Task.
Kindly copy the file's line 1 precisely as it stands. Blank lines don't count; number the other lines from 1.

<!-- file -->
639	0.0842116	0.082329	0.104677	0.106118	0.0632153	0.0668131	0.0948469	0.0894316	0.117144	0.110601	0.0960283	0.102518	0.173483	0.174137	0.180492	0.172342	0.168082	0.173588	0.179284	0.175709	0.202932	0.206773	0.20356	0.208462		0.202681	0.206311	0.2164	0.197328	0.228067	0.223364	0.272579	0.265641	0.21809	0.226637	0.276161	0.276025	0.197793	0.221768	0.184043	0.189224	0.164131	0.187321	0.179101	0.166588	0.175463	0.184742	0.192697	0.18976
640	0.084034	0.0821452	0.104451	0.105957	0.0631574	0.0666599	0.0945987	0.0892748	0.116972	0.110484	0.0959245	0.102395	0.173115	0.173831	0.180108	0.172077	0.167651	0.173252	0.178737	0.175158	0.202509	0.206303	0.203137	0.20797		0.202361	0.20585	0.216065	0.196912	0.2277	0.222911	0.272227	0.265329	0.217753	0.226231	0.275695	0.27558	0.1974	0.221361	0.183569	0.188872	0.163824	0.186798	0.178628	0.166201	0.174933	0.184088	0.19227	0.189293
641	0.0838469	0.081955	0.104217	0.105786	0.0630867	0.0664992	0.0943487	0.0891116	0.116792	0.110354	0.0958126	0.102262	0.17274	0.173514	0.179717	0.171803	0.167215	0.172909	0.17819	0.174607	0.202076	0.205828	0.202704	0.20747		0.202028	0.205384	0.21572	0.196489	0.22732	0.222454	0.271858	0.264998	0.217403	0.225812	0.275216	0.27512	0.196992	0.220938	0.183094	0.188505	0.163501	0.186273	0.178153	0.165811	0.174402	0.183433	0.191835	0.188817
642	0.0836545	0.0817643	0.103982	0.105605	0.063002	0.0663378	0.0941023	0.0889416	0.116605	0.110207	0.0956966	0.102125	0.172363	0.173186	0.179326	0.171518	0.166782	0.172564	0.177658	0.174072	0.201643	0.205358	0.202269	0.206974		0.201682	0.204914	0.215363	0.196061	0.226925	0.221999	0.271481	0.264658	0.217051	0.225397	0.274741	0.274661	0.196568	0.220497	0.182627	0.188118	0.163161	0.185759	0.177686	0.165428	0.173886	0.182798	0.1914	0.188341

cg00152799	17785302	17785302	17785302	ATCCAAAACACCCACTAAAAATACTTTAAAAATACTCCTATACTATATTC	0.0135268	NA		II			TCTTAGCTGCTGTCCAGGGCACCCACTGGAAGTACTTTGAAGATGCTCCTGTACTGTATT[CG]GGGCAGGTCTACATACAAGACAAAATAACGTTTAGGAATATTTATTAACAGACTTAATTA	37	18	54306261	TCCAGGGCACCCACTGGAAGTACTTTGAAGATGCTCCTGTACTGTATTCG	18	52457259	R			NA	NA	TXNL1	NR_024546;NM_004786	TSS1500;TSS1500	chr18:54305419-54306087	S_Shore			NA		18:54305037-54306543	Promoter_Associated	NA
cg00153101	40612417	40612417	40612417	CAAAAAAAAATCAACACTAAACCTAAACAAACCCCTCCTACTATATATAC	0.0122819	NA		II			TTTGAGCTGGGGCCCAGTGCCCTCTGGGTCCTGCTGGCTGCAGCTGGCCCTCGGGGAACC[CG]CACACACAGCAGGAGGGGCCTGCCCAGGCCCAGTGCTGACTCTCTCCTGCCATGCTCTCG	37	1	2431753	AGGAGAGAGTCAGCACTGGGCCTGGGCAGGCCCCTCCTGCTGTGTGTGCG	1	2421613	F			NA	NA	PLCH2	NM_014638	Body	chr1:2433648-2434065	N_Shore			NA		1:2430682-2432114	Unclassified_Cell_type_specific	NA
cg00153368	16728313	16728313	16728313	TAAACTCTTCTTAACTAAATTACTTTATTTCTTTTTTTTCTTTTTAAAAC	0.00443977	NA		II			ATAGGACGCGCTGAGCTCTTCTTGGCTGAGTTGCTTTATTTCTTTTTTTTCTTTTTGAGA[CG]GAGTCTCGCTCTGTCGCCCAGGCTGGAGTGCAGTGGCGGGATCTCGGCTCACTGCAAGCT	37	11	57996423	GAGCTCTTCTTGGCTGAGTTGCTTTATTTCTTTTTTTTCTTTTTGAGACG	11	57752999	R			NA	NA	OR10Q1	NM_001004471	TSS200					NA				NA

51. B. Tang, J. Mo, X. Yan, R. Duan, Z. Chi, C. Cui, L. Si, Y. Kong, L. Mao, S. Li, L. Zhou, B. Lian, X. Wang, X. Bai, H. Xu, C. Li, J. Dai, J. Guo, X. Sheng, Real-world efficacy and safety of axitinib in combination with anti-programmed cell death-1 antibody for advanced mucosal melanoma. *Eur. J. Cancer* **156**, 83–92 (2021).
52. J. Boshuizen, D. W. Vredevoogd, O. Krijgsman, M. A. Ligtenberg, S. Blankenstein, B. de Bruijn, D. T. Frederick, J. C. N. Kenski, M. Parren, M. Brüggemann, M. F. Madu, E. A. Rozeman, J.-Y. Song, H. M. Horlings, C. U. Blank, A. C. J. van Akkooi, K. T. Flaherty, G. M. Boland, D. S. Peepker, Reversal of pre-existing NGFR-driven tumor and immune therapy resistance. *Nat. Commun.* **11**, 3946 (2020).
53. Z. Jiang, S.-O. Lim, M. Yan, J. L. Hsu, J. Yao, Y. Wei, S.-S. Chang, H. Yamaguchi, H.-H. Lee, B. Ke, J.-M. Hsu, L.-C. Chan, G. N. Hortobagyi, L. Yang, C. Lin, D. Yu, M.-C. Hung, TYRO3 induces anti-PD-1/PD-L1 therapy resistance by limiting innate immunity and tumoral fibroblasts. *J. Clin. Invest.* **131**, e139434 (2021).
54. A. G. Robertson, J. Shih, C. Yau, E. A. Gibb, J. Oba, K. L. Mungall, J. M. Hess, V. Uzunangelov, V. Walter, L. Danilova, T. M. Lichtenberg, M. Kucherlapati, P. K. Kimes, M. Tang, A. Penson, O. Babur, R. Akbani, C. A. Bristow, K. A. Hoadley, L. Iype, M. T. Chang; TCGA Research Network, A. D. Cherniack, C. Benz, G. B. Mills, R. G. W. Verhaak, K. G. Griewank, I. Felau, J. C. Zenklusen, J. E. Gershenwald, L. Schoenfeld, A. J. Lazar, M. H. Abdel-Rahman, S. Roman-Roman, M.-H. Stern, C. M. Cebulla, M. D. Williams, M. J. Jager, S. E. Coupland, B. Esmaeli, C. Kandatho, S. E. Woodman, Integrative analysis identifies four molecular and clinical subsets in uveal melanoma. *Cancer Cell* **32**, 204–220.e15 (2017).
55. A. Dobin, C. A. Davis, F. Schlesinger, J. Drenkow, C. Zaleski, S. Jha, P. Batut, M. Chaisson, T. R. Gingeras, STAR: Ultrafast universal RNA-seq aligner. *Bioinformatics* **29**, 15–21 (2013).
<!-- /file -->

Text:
639	0.0842116	0.082329	0.104677	0.106118	0.0632153	0.0668131	0.0948469	0.0894316	0.117144	0.110601	0.0960283	0.102518	0.173483	0.174137	0.180492	0.172342	0.168082	0.173588	0.179284	0.175709	0.202932	0.206773	0.20356	0.208462		0.202681	0.206311	0.2164	0.197328	0.228067	0.223364	0.272579	0.265641	0.21809	0.226637	0.276161	0.276025	0.197793	0.221768	0.184043	0.189224	0.164131	0.187321	0.179101	0.166588	0.175463	0.184742	0.192697	0.18976